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The Slovak “Corruption Office” is at it again. It may cost us billions of crowns

Despite warnings by the European Commission and the European Anti-Fraud Office, the new Slovak Minister of Agriculture granted the Agricultural Paying Agency the power to distribute EU funds once again. However, the institution has not yet undergone the necessary anti-corruption reforms by far.

Slovakia’s long-lasting systemic corruption problems are more or less universally known at this point. For decades, the level of corruption in Slovak institutions has been so high that it would be no wonder if it towered over the Tatra mountains. The political corruption crisis Slovakia has been going through in recent years has also not helped – it has cost the country several governments, with members endowed by the strange, almost supernatural ability to turn up as suspects in anti-corruption investigations.

Later, the “Cattleman” corruption scandal came to light in relation to the murder of investigative journalist Ján Kuciak. That revealed the far-reaching corruption permeating the Slovak Agricultural Paying Agency (PPA) from head to toe. The Agency took bribes to distribute millions in euros allocated for supporting agriculture and rural development to Slovak mob bosses and oligarchs. It is no coincidence that the Agency’s Slovak nickname is the “symbol of corruption”.

Since last October, the Agricultural Paying Agency has been on probation. It was to be reformed – otherwise, up to 25 % of its payments from the Rural Development Programme would not be reimbursed. The new government claims it has managed the reform, but results seem to only exist on paper so far. The changes have failed to have an effect on the Agency itself as of yet, or they have not been implemented yet, and despite improvements, most problems persist.

If the Slovak Ministry of Agriculture wants its projects to be reimbursed from European taxpayers’ money, it needs to make sure that very money does not end up funding local mobsters and oligarchs.

Empty reforms

Many things have changed since I last wrote about Slovakia. Slovak politicians have been trying to reform the Agricultural Paying Agency after its dreary state was publicised and the Commission held up a warning finger.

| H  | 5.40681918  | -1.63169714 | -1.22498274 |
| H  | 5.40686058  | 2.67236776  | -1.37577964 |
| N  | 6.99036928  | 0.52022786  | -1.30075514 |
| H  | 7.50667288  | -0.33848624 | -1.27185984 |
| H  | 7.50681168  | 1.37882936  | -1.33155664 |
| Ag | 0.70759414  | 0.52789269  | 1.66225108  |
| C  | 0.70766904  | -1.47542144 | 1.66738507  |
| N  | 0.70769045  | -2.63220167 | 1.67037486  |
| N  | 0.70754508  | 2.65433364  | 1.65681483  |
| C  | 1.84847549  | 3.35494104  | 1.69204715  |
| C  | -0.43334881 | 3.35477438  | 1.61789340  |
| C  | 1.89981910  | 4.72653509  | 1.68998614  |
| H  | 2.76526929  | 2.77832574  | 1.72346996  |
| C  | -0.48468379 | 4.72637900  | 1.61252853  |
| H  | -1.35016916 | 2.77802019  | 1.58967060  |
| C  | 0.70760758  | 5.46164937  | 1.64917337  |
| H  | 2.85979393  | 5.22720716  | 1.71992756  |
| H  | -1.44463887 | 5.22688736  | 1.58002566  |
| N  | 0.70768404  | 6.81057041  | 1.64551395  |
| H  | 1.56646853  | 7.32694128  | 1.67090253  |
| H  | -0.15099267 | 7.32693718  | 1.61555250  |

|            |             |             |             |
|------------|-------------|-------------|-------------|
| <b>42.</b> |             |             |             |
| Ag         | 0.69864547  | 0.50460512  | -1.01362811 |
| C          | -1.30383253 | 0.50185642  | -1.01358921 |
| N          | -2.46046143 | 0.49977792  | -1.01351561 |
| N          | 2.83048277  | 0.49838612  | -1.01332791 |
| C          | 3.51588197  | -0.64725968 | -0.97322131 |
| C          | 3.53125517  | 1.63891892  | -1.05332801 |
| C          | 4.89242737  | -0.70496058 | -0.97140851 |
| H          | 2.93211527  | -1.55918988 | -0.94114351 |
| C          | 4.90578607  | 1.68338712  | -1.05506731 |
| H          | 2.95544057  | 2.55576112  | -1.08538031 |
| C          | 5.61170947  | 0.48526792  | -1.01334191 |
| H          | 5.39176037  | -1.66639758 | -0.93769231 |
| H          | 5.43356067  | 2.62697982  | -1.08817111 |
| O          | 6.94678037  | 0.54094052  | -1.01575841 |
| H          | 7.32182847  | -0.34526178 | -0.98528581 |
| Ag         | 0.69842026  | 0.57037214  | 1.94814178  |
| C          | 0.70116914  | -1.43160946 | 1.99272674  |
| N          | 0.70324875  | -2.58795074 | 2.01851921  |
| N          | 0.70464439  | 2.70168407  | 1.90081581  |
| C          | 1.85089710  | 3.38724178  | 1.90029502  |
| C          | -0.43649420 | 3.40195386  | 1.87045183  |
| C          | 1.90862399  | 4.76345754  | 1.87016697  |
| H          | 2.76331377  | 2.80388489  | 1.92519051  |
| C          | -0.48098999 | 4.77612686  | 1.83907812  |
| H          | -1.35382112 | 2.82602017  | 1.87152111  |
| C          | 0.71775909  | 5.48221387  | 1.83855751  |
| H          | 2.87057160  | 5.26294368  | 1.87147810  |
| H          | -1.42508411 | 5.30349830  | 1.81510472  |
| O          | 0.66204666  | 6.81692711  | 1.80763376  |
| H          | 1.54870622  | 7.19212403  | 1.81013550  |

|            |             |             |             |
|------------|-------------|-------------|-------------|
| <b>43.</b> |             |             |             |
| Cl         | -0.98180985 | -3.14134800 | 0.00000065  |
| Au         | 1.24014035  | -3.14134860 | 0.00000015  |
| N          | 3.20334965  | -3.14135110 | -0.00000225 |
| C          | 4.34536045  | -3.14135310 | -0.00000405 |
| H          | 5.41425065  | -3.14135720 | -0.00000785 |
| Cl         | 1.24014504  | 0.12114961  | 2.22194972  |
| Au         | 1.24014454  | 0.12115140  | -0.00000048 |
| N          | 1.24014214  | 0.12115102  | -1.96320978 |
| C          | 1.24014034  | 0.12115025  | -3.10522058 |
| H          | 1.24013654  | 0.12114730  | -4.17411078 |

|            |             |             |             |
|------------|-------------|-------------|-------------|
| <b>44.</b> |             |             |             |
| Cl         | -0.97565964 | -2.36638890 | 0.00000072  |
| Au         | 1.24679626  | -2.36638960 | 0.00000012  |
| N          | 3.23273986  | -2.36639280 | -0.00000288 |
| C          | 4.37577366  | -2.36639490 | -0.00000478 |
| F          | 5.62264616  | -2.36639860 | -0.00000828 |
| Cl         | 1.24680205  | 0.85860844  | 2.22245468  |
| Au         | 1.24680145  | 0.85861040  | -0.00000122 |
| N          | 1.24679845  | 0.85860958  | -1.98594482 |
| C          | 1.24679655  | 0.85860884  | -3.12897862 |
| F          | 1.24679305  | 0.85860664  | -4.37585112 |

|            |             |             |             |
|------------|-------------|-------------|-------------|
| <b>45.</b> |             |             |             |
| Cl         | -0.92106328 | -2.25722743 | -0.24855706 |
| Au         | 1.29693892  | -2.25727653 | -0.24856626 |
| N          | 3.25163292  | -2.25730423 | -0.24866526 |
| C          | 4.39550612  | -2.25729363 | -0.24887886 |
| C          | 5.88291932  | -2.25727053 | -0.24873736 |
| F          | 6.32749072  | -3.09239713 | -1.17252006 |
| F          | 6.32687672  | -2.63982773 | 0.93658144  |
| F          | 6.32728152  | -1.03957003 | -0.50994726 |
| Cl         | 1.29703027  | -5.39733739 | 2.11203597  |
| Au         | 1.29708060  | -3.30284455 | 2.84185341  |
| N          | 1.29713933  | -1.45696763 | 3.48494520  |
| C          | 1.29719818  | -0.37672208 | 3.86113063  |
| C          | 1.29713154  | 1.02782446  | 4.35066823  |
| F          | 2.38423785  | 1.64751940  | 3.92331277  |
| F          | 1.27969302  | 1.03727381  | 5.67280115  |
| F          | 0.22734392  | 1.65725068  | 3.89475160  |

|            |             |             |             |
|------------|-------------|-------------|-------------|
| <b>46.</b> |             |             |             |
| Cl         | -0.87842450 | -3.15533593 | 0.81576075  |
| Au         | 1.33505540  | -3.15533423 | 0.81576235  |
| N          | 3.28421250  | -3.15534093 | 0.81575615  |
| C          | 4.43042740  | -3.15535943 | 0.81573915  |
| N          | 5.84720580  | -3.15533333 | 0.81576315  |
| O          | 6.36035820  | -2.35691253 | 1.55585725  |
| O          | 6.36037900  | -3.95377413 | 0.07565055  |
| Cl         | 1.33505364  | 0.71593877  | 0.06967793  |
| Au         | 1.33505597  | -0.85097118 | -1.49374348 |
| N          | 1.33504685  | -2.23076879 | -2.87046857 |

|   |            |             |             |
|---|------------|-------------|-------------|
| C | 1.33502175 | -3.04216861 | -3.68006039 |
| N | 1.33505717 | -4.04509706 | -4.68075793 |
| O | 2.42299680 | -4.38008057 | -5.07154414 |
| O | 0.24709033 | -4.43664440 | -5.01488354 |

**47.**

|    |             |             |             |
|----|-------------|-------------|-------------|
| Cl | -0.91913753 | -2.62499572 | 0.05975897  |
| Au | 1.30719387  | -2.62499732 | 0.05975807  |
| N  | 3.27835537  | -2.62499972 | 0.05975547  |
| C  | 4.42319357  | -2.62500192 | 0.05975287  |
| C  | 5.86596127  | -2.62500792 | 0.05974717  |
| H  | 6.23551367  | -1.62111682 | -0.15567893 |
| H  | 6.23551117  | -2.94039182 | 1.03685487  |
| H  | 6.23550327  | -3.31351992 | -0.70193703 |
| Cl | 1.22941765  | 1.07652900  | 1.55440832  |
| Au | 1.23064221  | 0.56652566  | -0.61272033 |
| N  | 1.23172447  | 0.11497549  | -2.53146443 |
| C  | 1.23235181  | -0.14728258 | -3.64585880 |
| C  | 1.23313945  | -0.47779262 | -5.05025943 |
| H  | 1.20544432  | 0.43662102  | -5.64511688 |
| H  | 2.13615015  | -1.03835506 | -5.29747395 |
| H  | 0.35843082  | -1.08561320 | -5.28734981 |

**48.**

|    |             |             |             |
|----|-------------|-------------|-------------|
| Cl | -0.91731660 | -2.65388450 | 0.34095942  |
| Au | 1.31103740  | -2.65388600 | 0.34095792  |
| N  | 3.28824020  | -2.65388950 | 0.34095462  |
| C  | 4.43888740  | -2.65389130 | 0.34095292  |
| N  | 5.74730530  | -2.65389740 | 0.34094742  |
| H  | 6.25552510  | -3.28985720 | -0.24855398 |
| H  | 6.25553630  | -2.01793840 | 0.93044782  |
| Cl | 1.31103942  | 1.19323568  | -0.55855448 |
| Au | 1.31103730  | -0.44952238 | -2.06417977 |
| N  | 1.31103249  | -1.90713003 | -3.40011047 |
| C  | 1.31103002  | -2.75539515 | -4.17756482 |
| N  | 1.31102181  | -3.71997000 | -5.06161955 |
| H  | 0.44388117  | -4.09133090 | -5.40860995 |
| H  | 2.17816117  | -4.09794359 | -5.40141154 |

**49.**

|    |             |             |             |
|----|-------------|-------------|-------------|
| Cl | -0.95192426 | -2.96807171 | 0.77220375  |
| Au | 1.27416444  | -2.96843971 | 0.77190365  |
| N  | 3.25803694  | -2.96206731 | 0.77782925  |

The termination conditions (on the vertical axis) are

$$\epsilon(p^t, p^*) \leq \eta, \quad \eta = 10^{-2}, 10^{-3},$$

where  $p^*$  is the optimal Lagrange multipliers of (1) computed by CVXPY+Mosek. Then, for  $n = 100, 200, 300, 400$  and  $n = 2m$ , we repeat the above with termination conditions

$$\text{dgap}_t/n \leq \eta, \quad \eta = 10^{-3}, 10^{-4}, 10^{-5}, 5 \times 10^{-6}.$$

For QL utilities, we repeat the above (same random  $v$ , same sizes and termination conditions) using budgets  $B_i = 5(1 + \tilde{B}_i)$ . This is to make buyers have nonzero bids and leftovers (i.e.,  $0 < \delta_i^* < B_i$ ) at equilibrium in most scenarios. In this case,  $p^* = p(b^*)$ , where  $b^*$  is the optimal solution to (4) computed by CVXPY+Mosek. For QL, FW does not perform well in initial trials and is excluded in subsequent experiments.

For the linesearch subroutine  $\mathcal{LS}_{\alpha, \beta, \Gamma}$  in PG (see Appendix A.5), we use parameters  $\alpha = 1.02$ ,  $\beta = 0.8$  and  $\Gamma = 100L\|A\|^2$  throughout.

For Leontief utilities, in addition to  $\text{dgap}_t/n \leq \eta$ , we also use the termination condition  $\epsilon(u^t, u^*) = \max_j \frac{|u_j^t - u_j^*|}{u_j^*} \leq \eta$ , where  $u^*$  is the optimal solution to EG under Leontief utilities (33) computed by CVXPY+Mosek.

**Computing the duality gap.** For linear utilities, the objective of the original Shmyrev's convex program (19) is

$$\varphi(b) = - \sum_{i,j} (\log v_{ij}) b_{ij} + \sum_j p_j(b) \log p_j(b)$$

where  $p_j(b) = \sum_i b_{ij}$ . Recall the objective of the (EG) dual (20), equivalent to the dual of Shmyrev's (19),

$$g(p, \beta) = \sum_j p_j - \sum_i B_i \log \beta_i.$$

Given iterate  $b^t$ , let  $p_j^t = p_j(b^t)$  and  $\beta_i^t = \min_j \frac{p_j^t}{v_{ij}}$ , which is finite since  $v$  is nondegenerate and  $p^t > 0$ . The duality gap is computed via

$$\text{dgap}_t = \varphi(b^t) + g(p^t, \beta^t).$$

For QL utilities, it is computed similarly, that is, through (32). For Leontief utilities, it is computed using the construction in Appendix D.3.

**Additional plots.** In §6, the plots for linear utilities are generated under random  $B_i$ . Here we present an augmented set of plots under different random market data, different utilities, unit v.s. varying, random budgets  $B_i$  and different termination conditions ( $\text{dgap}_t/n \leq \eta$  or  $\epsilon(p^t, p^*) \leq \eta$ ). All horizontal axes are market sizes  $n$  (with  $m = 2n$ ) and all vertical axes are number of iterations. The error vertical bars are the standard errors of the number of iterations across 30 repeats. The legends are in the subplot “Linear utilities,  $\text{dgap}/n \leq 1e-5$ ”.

Since last October, the Agency has been on one-year probation, and it was only granted a partial accreditation for allocating EU funds. If the PPA were not successfully reformed, Slovakia would be in danger of losing its accreditation altogether, as well as the only institution certified to distribute subsidies to Slovak farmers.

The new Minister of Agriculture, Samuel Vlčan, was elected only this June and took up his function in September – and he decided to postpone all existing subsidy requests so that the Ministry would not have to fill the gap in EU funds out of their own pocket.

The Commission has finally decided to address the situation in Slovakia, capping the agricultural subsidies the PPA is allowed to pay out. The huge rate of error in agricultural subsidies found in the Cattleman scandal meant the Commission would not reimburse 25 % of its subsidies to Slovakia until the state could guarantee the money would not go to oligarchs.

Since then, over 1,200 subsidy requests from farmers have stacked up in the PPA. Since the start of the summer, the Agency has held up subsidies amounting to over 60 million euros.

In order to regain its full accreditation, the Agency had to introduce 72 measures and mechanismsto prevent the embezzlement of EU funds and corruption. The new minister claims the PPA has managed that this October.

But there is a catch: a significant part of the measures have only been adopted on paper, and the Commission has refused to recognise the current state of the Agency, recommending extending the probation by 4 months.